It is clearly this male-female dichotomy which Finley is exploring in this series of what, at times, appear as almost stand-up riffs, often put into a kind of witty hip-hop and even rap context. After all, Finley began in San Francisco working in monologues with a disco beat, so the fact that she continues in musical rhythmic terms should not be surprising.
Saturday, October 14, 2017
Douglas Messerli | "The Escaped Unicorn" (on Karen Finley's The Expanded Unicorn Gratitude Mystery)
the escaped unicorn
by Douglas Messerli
Karen Finley The Expanded Unicorn Gratitude Mystery / Los Angeles, Redcat (Roy and Edna Disney/Cal Arts Theater) / I attended a performance on opening night, October 12, 2017, with Deborah Meadows
At 61 years of age, performance artist Karen Finley has moved away from her earlier provocative sexual performances to present, in The Expanded Unicorn Gratitude Mystery, a series of often sharply satirical monologues centered around the mythologies of national figures, mostly women or wanna-be-women.
The beautiful small beast (at least in medieval tapestries) with a phallic-like protrusion sprouting from its head, is represented, although rather sketchily, as a kind of graceful, if a bit frightening, male/female animal, often locked away in fenced-off areas from which, as the beginning film narrative suggests, it could nonetheless have easily escaped.
Some of these riffs work better than others. The early, supposedly stylishly dressed woman of “gratitude,” reminding us of Jackie Kennedy, is smarmy enough that you quickly wish her into the “corn field” from where she seems to have come, as she spouts, over and over again, “I thank you, I want to thank you, I am so pleased and filled with gratitude, etc. etc”—resulting in a never-ending series of platitudes the likes of which one sees only in the Academy Awards ceremonies (Sally Fields also comes to mind). Surely she is totally appreciative of the unicorn’s charming abilities, without questioning its possibility to escape and “thrust.”
Perhaps a bit less successful was Finley’s testimony to the little blue dress, worn by Monica Lewinsky, stained into eternity by Bill Clinton’s semen. The trouble is that, despite, the clever props of an entire clothesline of blue dresses, a blue-filigree roof floated over most of the audience, and which took audience participation to create, and even the endless extrusion of sperm across the performer’s blue garment, Lewinsky is just not that interesting as a character of satiric intent. The dress became a replacement for the woman at its heart.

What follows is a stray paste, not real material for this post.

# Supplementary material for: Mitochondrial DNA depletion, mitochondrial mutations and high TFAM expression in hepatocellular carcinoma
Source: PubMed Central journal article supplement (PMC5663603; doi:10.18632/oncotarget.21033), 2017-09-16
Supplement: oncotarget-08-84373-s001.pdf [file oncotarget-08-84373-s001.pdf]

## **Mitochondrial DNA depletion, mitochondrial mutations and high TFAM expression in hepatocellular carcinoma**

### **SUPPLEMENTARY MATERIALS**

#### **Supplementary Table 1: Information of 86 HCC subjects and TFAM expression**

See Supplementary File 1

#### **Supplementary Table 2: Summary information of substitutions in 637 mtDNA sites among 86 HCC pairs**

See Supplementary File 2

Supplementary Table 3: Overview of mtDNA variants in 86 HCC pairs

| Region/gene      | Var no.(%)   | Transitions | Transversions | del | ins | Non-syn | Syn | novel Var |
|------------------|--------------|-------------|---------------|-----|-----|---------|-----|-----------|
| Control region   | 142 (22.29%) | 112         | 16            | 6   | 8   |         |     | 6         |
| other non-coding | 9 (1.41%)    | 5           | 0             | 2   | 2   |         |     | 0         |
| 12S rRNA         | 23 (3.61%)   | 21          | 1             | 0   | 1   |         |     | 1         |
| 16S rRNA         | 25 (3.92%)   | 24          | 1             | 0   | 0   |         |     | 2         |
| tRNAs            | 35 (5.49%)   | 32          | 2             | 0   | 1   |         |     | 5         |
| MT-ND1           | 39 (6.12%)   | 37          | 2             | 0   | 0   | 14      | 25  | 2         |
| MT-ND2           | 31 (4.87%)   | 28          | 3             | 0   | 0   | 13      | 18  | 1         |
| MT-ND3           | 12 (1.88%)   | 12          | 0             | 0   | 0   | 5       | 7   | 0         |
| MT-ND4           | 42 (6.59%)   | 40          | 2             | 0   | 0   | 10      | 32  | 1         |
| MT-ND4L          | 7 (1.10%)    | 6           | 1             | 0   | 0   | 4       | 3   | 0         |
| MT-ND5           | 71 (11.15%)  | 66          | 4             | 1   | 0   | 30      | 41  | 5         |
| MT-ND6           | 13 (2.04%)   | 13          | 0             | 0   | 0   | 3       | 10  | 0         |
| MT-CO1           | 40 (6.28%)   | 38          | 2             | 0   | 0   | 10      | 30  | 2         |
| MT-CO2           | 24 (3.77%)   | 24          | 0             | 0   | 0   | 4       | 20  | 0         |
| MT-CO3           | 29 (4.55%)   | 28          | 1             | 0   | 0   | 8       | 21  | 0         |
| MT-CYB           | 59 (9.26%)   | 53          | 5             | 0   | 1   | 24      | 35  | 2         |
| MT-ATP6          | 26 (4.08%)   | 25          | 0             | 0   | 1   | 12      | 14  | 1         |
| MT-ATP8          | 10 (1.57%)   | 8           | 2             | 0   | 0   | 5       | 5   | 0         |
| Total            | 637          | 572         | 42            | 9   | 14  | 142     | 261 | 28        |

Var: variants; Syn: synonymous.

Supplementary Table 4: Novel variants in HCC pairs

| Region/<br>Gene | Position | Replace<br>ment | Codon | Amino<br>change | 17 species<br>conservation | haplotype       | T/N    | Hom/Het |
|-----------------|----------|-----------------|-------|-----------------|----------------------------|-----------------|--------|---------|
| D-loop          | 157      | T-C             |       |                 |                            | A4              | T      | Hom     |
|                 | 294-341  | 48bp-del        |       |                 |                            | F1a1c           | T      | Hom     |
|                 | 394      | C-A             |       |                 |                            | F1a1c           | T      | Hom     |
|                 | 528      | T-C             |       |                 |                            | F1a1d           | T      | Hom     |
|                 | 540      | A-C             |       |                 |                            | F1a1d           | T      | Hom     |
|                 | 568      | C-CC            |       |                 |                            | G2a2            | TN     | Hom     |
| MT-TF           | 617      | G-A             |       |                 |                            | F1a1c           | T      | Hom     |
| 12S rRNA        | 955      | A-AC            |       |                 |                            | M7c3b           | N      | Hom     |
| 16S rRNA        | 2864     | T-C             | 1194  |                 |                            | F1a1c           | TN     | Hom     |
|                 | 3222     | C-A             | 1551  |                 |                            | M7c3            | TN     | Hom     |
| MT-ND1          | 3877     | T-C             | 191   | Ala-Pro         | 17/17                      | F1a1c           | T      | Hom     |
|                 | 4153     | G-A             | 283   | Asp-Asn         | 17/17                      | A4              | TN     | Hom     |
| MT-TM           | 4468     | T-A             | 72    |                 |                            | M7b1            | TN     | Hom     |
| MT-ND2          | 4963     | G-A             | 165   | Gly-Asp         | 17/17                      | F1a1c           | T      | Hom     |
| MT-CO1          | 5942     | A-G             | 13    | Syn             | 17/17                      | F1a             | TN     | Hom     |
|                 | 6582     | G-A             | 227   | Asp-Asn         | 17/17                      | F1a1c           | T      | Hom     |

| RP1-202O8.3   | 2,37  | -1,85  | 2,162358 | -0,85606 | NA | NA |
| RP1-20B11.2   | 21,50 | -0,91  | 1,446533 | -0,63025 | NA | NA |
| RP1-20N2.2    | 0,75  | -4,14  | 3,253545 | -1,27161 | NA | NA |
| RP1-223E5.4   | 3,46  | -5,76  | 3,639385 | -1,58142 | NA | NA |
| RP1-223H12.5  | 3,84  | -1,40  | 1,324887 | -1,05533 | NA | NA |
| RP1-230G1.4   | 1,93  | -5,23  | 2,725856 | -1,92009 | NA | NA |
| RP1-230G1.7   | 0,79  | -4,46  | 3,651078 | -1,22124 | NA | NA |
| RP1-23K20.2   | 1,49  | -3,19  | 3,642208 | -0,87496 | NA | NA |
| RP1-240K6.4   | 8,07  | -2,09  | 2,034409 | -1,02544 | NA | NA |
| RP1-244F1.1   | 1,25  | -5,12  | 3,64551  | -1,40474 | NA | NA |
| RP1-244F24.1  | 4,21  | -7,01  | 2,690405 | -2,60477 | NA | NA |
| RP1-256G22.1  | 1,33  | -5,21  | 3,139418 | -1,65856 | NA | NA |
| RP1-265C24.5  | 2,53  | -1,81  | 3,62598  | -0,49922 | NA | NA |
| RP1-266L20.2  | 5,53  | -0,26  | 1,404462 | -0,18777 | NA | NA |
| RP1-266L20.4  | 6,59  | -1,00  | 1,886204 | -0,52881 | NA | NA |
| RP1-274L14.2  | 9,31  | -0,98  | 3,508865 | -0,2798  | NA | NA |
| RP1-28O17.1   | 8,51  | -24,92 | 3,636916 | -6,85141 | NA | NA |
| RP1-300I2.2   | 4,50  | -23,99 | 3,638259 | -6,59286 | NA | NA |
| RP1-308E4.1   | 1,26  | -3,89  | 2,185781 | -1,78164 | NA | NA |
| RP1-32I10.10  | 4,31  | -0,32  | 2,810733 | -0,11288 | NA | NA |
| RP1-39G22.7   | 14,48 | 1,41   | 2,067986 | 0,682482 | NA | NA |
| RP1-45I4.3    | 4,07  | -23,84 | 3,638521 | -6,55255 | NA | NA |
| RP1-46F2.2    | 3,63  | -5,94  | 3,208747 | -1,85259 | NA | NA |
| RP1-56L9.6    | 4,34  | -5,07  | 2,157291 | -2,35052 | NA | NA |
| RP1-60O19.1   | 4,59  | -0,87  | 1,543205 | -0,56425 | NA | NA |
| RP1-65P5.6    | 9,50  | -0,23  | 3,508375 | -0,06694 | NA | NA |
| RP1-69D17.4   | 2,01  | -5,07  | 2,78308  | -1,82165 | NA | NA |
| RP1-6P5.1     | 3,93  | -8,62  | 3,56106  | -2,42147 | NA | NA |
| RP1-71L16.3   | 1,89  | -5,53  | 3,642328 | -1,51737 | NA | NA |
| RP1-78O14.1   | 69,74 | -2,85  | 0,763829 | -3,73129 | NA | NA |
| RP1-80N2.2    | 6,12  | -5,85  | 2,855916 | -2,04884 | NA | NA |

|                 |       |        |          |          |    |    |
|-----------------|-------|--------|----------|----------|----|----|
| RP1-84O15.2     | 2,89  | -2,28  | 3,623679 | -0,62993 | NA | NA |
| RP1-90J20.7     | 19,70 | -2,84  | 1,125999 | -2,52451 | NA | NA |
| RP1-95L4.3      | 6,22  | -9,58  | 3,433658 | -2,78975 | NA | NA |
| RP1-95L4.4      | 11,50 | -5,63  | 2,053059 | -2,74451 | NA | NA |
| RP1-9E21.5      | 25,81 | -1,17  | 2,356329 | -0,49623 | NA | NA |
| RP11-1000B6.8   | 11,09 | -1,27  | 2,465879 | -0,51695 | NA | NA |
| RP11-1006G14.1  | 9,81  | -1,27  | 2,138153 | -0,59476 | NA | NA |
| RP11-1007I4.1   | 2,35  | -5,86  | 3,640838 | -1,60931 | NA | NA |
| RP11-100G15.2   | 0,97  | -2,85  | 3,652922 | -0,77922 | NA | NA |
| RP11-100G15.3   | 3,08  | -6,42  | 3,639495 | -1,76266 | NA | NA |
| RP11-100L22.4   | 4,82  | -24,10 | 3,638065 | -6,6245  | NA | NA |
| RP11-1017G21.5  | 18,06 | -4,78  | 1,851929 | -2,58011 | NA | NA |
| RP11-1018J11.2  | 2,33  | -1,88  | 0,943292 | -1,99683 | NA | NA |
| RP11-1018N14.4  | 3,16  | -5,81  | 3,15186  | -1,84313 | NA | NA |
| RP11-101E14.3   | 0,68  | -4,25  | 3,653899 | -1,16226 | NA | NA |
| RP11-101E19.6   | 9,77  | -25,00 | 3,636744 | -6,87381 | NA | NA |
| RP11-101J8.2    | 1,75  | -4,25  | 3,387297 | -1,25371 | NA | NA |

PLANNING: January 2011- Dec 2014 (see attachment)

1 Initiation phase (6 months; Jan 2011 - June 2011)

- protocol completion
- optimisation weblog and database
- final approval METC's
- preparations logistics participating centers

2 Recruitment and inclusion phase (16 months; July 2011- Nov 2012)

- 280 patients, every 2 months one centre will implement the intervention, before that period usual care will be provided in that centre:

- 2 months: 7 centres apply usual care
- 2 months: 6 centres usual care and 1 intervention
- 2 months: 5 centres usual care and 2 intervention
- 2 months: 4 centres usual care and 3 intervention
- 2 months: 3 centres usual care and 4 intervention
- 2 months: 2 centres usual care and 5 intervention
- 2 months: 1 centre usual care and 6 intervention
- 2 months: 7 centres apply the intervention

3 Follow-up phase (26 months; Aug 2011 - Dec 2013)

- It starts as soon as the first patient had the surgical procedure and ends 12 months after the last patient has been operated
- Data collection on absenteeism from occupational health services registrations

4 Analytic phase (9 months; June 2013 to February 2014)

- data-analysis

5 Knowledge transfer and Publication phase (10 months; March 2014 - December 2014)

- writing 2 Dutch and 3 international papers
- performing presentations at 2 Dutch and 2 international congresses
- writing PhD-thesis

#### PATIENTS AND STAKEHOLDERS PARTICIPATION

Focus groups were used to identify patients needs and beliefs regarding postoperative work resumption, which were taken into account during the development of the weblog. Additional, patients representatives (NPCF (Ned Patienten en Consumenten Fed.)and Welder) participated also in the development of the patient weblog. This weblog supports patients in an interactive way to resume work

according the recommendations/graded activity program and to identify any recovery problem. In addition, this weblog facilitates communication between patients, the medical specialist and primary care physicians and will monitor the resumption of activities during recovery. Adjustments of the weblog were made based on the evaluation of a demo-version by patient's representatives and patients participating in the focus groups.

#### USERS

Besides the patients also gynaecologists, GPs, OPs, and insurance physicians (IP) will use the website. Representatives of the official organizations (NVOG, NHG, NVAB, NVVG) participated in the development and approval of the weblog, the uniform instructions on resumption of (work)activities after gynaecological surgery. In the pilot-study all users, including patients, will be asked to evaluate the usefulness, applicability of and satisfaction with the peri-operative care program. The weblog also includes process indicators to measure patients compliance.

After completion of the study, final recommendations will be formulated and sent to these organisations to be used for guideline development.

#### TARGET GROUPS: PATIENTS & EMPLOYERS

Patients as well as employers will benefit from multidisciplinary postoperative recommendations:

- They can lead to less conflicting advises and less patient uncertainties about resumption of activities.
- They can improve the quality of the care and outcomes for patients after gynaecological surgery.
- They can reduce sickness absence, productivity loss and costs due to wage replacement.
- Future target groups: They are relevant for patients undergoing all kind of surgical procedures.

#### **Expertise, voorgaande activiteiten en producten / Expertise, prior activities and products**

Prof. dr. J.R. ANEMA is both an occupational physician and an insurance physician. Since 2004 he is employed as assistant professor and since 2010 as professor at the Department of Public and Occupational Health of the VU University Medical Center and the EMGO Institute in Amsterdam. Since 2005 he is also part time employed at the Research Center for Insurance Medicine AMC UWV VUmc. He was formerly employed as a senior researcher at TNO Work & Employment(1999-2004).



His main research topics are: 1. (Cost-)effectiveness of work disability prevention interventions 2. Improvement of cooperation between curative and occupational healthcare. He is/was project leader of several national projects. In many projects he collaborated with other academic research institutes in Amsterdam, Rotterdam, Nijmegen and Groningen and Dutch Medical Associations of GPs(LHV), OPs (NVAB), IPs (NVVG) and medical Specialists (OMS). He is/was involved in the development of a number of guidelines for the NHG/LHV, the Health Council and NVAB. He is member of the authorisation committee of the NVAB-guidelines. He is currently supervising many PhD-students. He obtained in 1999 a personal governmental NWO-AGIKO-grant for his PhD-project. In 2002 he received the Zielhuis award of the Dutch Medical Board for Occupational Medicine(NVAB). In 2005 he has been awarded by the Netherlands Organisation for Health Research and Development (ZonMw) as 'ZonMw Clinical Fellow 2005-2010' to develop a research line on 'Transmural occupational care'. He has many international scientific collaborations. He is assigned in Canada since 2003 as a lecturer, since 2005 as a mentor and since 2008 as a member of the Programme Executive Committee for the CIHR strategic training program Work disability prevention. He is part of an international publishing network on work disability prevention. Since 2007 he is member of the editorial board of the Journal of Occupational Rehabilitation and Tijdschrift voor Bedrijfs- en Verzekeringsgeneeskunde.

Finley’s monologue about Hillary Clinton is far sharper and, when it succeeds, is closer to the bone. Her Clinton realizes she is a figure beloved to be hated, and nervously adjusts her dialogues to deal with the two-edged sword with which she will constantly be met. If there was any true personification of the unicorn, a woman in a pair of male pants, it is her vision of Clinton, a woman trying to ameliorate the duo position of a strong woman in our society. And her often self-destructive attempts to position herself in our sexist world are both loveable and despicable at the very same moment. One cringes while trying to hold back the tears.
Certainly the most popular of Finley’s caricatures in this work was her performance of the hermaphroditic Trump, who loves cunts so much that he wants to himself become a “pussy.” Playing on the dozens of cartoons portraying the President in drag with figures such a Putin, along with Trump’s odd coiffeur, his endless applications of orange makeup, and his always oval-shaped lips, the performer makes it clear that Trump is perhaps the most like the mythological unicorn, a fleecy little girl with a big boy cock sprouting from his forehead. Here Finley often is at her very best; but the determination by some of the audience members to cheer on her every line with dramatic he-haws and hoots only showed-up those instances when the satire had completely gone over the top, falling into the category of simple mockery.
I can forgive the mockery, particularly by an artist who has herself been mocked by her own governmental officials as she was in 1990 when the then-head of the National Endowment for the Arts, John Frohnmayer vetoed her and 3 other performance artist’s grants for indecent behavior; but it’s hard to forgive what appears to be her claque. Finley herself seemed to diffuse the situation a bit by observing the somewhat scattered Redcat theater attendance the way only Trump might: “This is the biggest audience ever!”
Perhaps Finley’s most complex and profound monologue was the last, about a woman who so loved war that she could only have sexual relationships with soldiers, particularly those who had lost their limbs. In Finley’s round-about-telling, it becomes apparent that the woman comes to see her power by being fucked with the missing “stumps” of the generations of sons and sons and sons who are bred simply to go to war. As a female, she is the true progenitor of an army of American boys raised up only to lose their limbs and minds in the destruction of others. Dressed in a kind of American flag, Finley almost exhausts herself through this role until she bows, at end, for applause.
There is no question that Finley is a gifted political satirist and an important artist with a long career. Yet, in the end, as my theater-going companion Deborah Meadows suggested, I wished she might have gone a bit darker, exploring some of the real metaphors her mythological figure truly represents. There is a lighter, more entertaining shrillness to Finley’s direct assault of the events she recounts; but given her talents, one might seek, one imagines, a more nuanced and questioning approach. But Karen Finley has always throughout her career, put everything on the line, broken the rules, and shouted her anger out. And we should applaud her for that.
Los Angeles, October 13, 2017